While questions as to the efficacy of homeopathy and whether its practice should be allowed in North Carolina may be open to valid debate among members of the medical profession, the courts are not the proper forum for that debate. The legislature may one day choose to recognize the homeopathic system of treatment, or homeopathy may evolve by proper experimentation and research to the point of being recognized by the medical profession as an acceptable and prevailing form of medical practice in our state; such choices, however, are not for the courts to make.
We stress that we do not intend for our opinion in this case to retard the ongoing research and development of the healing arts in any way. The Board argues, and we agree within our admittedly limited scope of medical knowledge, that preventing the practice of homeopathy will not restrict the development and acceptance of new and beneficial medical practices. Instead, the development and acceptance of such new practices simply must be achieved by “acceptable and prevailing” methods of medical research, experimentation, testing, and approval by the appropriate regulatory or professional bodies.
 Dr. Guess also argues that N.C.G.S. § 90-14(a)(6) is unconstitutionally vague, because a reasonably intelligent doctor will not know whether he is engaging in unprofessional conduct each time he tries a new or different medical practice not widely used in North Carolina. See In re Wilkins, 294 N.C. 528, 548, 242 S.E.2d 829, 841 (1978), criticized on other grounds by In re Guess, 324 N.C. 105, 376 S.E.2d 8 (1989). We have previously held that the predecessor statute to the current N.C.G.S. § 90-14 was neither *57vague nor overbroad. Id. at 546-49, 242 S.E.2d at 839-41. For reasons similar to those expressed in Wilkins, we conclude that any reasonably intelligent licensed physician will know when he is engaging in a practice which does not conform to “the standards of acceptable and prevailing medical practice” in North Carolina. Our conclusion is buttressed by the hearing testimony before the Board, where several doctors testified without hesitation that the practice of homeopathy does not conform to the standards of acceptable and prevailing medical practice in North Carolina.
 Dr. Guess next contends that the Board’s decision unconstitutionally invades his and his patients’ privacy rights, by invading Guess’ right to select his method of practice and invading his patients’ rights to their choice of treatments. We disagree on both points. Regarding Guess’ ability to select his method of practice, “there is no right to practice medicine which is not subordinate to the police power of the states.” Lambert v. Yellowsley, 272 U.S. 581, 596, 71 L. Ed. 422, 429 (1926) (citing cases). Further, the Board’s decision does not deprive Guess of his privilege to practice medicine, it simply limits his methods of treating patients to those which conform to the acceptable and prevailing standards of medical practice in North Carolina. Regarding Guess’ claim that the Board’s decision invades his patients’ right to select the treatment of their choice, we initially note that he has no standing to raise his patients’ privacy interests in this regard. See Stanley, Edwards, Henderson v. Dept. Conservation & Development, 284 N.C. 15, 28, 199 S.E.2d 641, 650 (1973) (citing cases), limited on other grounds by Madison Cablevision v. City of Morganton, 325 N.C. 634, 386 S.E.2d 200 (1989). Further, we have recognized no fundamental right to receive unorthodox medical treatment, and we decline to do so now. See State v. Howard, 78 N.C. App. 262, 269, 337 S.E.2d 598, 603 (1985), disc. rev. denied, appeal dismissed, 316 N.C. 198, 341 S.E.2d 581 (1986).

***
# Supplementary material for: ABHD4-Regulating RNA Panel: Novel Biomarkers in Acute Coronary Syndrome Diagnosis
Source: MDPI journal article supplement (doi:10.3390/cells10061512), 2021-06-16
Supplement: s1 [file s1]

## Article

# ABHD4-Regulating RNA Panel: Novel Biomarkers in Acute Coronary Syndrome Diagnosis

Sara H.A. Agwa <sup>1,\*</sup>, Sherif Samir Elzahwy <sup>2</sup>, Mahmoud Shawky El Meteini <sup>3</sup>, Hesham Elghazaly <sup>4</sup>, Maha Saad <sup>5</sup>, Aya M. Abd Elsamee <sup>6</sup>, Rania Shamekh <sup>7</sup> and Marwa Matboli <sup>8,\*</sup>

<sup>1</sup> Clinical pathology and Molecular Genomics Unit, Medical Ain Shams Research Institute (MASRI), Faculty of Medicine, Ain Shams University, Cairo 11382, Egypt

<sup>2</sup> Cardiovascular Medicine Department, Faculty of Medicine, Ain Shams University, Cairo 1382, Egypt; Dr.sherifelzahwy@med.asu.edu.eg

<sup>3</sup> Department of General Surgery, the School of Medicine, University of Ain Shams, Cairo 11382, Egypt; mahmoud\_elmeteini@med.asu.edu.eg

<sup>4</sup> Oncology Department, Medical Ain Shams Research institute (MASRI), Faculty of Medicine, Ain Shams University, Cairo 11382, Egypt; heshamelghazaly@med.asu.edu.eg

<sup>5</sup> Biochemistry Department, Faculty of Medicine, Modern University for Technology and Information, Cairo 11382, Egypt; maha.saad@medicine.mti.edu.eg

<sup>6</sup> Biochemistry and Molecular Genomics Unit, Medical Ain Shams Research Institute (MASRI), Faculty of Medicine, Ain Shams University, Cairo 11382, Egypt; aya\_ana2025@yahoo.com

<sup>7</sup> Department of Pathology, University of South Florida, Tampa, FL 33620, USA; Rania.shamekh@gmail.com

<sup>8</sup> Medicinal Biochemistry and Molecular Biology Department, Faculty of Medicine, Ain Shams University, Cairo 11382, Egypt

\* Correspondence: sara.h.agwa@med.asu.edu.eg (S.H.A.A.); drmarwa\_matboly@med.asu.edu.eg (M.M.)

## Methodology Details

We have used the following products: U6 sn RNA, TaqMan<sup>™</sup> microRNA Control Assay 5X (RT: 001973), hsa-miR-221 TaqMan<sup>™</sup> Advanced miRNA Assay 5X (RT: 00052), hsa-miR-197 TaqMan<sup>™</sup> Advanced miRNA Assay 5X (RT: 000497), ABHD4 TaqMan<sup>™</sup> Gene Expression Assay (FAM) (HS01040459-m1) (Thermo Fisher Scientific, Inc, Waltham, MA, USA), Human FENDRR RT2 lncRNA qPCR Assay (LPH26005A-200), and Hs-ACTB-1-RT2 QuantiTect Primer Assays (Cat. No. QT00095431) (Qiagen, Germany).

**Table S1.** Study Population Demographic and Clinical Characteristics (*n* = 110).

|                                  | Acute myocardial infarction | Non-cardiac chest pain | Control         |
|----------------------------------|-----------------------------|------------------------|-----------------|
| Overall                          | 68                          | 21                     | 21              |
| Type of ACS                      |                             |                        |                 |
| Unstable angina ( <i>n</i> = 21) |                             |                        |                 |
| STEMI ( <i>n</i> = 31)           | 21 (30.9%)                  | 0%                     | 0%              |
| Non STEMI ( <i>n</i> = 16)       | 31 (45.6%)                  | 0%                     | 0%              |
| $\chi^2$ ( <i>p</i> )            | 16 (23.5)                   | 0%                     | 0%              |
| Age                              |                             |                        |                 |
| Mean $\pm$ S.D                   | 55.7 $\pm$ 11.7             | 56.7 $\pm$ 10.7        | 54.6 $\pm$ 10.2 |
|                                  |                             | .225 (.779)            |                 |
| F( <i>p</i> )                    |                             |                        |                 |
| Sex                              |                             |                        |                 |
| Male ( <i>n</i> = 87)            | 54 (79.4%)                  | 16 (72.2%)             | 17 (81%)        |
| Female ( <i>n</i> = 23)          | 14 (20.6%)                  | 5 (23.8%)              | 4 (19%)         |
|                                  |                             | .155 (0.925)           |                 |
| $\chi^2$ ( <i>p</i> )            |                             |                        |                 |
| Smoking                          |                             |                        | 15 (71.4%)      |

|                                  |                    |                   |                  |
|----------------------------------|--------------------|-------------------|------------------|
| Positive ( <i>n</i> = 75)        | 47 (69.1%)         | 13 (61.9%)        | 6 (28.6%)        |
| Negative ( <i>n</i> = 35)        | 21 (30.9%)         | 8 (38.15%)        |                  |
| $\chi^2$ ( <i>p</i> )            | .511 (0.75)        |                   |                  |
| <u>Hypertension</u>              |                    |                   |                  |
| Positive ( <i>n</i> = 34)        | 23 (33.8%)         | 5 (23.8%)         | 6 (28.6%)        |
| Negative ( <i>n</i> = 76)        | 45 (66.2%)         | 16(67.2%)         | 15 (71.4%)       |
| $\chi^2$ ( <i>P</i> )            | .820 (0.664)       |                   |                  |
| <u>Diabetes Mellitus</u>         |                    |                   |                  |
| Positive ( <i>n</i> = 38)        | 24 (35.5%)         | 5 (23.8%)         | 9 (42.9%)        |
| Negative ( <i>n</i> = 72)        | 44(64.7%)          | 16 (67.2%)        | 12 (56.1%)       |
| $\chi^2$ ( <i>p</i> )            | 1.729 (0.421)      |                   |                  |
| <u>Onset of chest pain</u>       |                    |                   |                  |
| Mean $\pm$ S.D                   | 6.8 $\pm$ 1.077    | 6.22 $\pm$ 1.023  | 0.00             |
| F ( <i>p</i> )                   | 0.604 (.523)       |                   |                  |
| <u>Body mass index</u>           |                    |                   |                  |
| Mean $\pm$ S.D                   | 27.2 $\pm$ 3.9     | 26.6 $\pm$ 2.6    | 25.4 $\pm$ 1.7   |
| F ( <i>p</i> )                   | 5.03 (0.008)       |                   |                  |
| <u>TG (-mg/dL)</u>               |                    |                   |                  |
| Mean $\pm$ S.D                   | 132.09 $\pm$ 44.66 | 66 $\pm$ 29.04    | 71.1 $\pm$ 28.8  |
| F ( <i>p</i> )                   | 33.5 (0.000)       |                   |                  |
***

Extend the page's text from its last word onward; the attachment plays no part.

Finally, Dr. Guess contends that by denying him the opportunity to practice homeopathy, the Board is exercising unbridled and unconstitutional monopoly power. We disagree. The Board’s authority to regulate the practice of medicine creates no unconstitutional monopoly. See State v. Call, 121 N.C. 643, 646, 28 S.E. 517, 517 (1897); State v. Howard, 78 N.C. App. at 266, 337 S.E.2d at 601.
The order of the Board of Medical Examiners allowed Dr. Guess to continue practicing medicine so long as he refrained from practicing homeopathy and otherwise conformed to the standards of acceptable and prevailing medical practice in North Carolina. The Superior Court erred in reversing and vacating the Board’s decision, and the Court of Appeals erred in its decision affirming the Superior Court. The decision of the Court of Appeals is reversed. This case is remanded to the Court of Appeals for its further remand to the Superior Court, Wake County, for proceedings consistent with this opinion.
Reversed and remanded.